The first “official” baseball game was played in the early 1800s, more than 160 years ago. The equipment was simple: bat, ball, dirt playing field, and four wooden bases. No gloves.
In the early years, the players made their own bats, all from wood. Eventually, batmakers found that the best style of bat was long and slender, tapered, with a carved knob at the end of the bat for better control.
Metal baseball bat. Source: NASA. Although the first metal bat was patented in 1924, players did not start using metal bats until the first aluminum bats were developed in the 1970s. Aluminum (of which the United States is one of the world’s leading producers) is derived from bauxite ore. Bats made of aluminum became an instant success. They were light, durable, and easy to use, and players could hit the ball much farther than with a wooden bat. Unlike the wooden bat, a metal bat temporarily flexes when hit with the ball, and springs back, transferring more energy to the ball than a rigid wooden bat. This so-called “trampoline effect” is the secret of the metal bat’s superior performance over a wooden bat.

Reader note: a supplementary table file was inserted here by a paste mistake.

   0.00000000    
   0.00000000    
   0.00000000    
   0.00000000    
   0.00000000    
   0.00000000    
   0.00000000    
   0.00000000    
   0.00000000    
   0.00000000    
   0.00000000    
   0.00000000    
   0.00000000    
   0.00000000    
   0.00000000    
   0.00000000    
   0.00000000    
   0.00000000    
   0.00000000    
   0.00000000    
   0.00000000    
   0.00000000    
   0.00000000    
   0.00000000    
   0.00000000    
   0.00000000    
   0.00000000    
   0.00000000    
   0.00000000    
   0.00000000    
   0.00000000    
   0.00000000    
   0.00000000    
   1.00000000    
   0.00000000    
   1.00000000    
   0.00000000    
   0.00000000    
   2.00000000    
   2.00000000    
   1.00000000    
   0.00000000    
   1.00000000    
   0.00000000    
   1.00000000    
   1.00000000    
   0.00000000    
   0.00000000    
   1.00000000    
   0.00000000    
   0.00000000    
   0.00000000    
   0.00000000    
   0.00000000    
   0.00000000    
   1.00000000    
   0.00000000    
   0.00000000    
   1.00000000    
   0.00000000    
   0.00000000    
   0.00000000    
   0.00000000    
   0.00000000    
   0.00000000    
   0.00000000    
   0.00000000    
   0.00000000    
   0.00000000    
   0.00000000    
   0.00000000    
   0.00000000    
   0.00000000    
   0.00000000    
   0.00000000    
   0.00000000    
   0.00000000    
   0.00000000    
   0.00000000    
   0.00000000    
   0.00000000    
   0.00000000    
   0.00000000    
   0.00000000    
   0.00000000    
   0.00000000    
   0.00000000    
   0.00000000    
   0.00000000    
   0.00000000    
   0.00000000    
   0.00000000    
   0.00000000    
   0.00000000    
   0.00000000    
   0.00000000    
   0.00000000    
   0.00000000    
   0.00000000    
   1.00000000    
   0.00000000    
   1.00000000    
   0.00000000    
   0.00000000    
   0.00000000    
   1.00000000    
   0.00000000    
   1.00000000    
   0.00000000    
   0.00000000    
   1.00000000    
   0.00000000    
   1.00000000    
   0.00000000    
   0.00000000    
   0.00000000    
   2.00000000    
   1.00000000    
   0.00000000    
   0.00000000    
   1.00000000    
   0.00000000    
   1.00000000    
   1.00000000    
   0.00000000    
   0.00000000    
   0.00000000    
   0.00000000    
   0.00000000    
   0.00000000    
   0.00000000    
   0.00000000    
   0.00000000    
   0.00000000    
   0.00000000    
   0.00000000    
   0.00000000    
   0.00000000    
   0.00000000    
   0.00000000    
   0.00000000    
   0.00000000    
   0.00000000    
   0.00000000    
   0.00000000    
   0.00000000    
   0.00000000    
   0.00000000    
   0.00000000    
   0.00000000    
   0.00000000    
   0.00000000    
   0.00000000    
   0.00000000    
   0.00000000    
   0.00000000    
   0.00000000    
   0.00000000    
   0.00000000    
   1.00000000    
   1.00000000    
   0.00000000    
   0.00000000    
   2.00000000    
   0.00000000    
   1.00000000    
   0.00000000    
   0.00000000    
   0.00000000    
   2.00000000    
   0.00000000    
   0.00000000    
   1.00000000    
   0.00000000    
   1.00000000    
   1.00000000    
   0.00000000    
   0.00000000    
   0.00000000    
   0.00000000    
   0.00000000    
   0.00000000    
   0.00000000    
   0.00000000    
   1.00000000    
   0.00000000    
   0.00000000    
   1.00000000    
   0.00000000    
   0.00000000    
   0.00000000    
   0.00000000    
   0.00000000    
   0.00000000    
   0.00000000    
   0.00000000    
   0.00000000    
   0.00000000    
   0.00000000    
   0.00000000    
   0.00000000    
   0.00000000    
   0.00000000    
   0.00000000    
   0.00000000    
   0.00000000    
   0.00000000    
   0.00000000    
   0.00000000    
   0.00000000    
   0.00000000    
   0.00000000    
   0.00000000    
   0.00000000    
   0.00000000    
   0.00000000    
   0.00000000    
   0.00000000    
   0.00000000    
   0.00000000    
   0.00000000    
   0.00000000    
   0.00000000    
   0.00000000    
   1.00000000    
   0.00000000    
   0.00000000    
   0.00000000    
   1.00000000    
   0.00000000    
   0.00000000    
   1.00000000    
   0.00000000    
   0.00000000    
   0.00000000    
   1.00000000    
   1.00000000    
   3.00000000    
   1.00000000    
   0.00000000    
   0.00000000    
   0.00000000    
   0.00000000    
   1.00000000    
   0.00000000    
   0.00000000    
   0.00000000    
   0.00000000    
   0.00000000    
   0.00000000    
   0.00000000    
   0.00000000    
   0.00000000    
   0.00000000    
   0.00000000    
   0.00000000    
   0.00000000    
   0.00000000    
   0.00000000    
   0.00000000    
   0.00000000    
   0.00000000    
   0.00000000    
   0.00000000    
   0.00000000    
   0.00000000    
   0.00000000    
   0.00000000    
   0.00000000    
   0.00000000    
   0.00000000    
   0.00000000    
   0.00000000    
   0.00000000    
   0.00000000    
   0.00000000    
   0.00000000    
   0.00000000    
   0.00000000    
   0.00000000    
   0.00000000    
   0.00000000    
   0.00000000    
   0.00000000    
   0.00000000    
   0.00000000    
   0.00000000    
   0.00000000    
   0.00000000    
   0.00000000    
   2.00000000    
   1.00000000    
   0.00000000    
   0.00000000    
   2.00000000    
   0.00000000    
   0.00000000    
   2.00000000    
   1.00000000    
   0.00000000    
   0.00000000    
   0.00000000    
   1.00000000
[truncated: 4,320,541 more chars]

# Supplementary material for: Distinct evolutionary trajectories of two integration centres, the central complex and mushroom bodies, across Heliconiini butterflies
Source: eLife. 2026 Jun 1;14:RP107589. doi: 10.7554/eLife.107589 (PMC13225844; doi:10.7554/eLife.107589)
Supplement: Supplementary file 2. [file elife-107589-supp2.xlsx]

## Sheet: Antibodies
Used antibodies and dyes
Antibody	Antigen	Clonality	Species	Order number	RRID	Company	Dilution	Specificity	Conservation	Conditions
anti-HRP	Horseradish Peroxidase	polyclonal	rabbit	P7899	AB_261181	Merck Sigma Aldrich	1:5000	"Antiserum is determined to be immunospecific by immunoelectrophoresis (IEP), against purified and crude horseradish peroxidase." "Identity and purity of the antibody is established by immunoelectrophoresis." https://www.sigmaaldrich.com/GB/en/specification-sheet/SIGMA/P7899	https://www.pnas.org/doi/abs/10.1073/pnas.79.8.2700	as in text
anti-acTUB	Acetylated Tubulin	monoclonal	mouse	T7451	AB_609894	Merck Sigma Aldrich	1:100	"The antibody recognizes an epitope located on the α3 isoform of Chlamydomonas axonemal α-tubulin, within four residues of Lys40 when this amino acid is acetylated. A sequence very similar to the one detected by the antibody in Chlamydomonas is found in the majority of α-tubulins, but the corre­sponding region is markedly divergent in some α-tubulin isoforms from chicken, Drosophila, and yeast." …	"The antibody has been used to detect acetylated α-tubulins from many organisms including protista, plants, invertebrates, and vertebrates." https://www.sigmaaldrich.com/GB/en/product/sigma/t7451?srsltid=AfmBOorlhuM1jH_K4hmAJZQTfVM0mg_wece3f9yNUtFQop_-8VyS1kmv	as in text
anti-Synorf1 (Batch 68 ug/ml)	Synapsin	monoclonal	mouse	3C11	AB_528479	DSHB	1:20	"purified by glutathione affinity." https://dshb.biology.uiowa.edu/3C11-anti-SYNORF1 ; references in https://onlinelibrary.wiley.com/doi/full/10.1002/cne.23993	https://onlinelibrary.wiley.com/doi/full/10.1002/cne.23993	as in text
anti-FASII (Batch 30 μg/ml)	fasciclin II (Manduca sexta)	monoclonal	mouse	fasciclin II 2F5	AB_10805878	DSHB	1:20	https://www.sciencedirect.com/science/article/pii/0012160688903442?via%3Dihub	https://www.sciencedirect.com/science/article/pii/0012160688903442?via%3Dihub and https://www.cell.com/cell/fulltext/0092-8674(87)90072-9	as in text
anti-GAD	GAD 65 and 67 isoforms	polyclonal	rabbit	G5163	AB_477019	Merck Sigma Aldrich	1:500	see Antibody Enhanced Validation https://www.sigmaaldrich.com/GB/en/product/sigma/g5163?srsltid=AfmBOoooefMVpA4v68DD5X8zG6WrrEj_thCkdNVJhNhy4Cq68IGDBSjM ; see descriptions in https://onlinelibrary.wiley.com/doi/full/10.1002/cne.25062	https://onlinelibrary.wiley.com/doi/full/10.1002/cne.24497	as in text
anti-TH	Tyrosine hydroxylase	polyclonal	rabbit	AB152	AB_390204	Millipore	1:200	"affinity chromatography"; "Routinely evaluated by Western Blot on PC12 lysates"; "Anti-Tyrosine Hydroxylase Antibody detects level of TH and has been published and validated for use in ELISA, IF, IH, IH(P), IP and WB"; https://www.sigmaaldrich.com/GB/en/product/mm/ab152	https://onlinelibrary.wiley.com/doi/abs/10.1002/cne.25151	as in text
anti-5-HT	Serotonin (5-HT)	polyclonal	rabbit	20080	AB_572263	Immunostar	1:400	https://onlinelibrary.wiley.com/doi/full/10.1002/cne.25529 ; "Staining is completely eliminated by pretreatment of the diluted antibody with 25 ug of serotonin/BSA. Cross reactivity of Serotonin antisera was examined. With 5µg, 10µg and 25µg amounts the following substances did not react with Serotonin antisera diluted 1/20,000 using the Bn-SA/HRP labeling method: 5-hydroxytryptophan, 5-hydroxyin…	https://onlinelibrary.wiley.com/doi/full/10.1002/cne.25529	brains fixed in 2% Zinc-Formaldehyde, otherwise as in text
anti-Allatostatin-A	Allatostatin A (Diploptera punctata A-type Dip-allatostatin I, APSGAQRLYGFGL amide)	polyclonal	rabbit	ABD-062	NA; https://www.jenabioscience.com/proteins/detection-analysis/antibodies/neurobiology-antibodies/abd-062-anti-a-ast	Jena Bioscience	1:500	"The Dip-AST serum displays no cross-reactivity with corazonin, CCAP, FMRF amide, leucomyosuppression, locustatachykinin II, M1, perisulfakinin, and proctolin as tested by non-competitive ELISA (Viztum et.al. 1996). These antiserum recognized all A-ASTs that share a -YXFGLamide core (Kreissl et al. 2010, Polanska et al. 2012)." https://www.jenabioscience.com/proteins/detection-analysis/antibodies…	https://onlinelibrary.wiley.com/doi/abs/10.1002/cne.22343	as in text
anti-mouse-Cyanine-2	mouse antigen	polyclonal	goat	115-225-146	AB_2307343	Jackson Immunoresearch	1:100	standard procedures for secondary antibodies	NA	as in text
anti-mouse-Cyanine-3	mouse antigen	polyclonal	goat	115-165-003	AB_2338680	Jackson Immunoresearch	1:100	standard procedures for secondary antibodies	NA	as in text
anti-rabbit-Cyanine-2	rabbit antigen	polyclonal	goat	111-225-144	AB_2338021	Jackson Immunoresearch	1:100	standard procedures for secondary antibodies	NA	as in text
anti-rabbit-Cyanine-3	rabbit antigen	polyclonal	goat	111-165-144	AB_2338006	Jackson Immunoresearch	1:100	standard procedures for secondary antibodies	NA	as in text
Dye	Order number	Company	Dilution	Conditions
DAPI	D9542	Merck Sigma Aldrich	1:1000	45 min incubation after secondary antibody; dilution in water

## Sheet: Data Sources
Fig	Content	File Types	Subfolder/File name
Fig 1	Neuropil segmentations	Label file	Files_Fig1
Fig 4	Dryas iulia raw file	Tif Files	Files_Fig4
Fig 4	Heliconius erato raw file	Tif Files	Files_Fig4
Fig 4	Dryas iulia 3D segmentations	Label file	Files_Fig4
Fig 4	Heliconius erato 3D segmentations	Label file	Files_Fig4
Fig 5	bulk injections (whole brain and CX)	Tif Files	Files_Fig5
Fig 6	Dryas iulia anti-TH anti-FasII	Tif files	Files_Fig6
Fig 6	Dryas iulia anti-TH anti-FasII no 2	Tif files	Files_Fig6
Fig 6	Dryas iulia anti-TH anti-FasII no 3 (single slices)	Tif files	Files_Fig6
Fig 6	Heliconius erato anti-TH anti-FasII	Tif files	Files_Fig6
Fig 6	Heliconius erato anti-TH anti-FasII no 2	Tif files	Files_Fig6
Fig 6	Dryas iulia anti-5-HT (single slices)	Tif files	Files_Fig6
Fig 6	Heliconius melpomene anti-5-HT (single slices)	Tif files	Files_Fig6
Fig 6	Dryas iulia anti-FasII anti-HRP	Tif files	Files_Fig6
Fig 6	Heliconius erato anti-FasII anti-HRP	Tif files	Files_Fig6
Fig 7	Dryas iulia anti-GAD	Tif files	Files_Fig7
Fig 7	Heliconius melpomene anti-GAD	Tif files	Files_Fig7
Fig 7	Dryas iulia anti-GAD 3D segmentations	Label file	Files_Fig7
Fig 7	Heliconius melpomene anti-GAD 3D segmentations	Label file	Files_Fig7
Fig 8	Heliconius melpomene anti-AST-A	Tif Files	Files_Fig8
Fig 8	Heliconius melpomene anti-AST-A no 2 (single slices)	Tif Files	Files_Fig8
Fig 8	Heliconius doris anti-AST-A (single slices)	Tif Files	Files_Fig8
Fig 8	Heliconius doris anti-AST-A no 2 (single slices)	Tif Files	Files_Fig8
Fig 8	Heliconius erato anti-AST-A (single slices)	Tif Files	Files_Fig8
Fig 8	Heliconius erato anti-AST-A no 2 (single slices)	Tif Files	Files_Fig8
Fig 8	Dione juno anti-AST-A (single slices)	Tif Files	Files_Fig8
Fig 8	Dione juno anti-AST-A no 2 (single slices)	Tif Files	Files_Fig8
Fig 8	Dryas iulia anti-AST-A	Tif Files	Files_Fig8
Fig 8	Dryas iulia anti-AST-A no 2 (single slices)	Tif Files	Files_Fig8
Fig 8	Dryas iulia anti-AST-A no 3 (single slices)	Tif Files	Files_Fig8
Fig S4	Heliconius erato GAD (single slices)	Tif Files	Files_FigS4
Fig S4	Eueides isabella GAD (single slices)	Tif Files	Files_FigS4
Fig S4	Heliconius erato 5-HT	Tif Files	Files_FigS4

Titanium bats were first introduced in 1993 but were later banned from official play because there were concerns that the bats were too dangerous. Various aluminum alloy bats were also introduced in the 1990s. The most successful of these was the scandium-aluminum bat. Scandium is a mineral that, when alloyed with aluminum, greatly increases the strength and resilience of the aluminum without adding to the weight. Scandium occurs in minute quantities in more than 800 minerals, and is usually obtained as a byproduct of refining uranium. Today, most high-quality metal bats are made from scandium-aluminum alloy.
The design of bats also continues to evolve as manufacturers search for ways to magnify the trampoline effect and increase the size of the bat’s “sweet spot” (the optimal place on the bat for hitting the ball). One design introduced in the late 1990s is a double-walled bat; this design comprises an outer wall of scandium-aluminum, an inner wall of a composite material (often graphite), and a “filling” of rubber or a thick fluid between the two walls. Another design structures the scandium-aluminum shell of the bat around a series of flexible arches.
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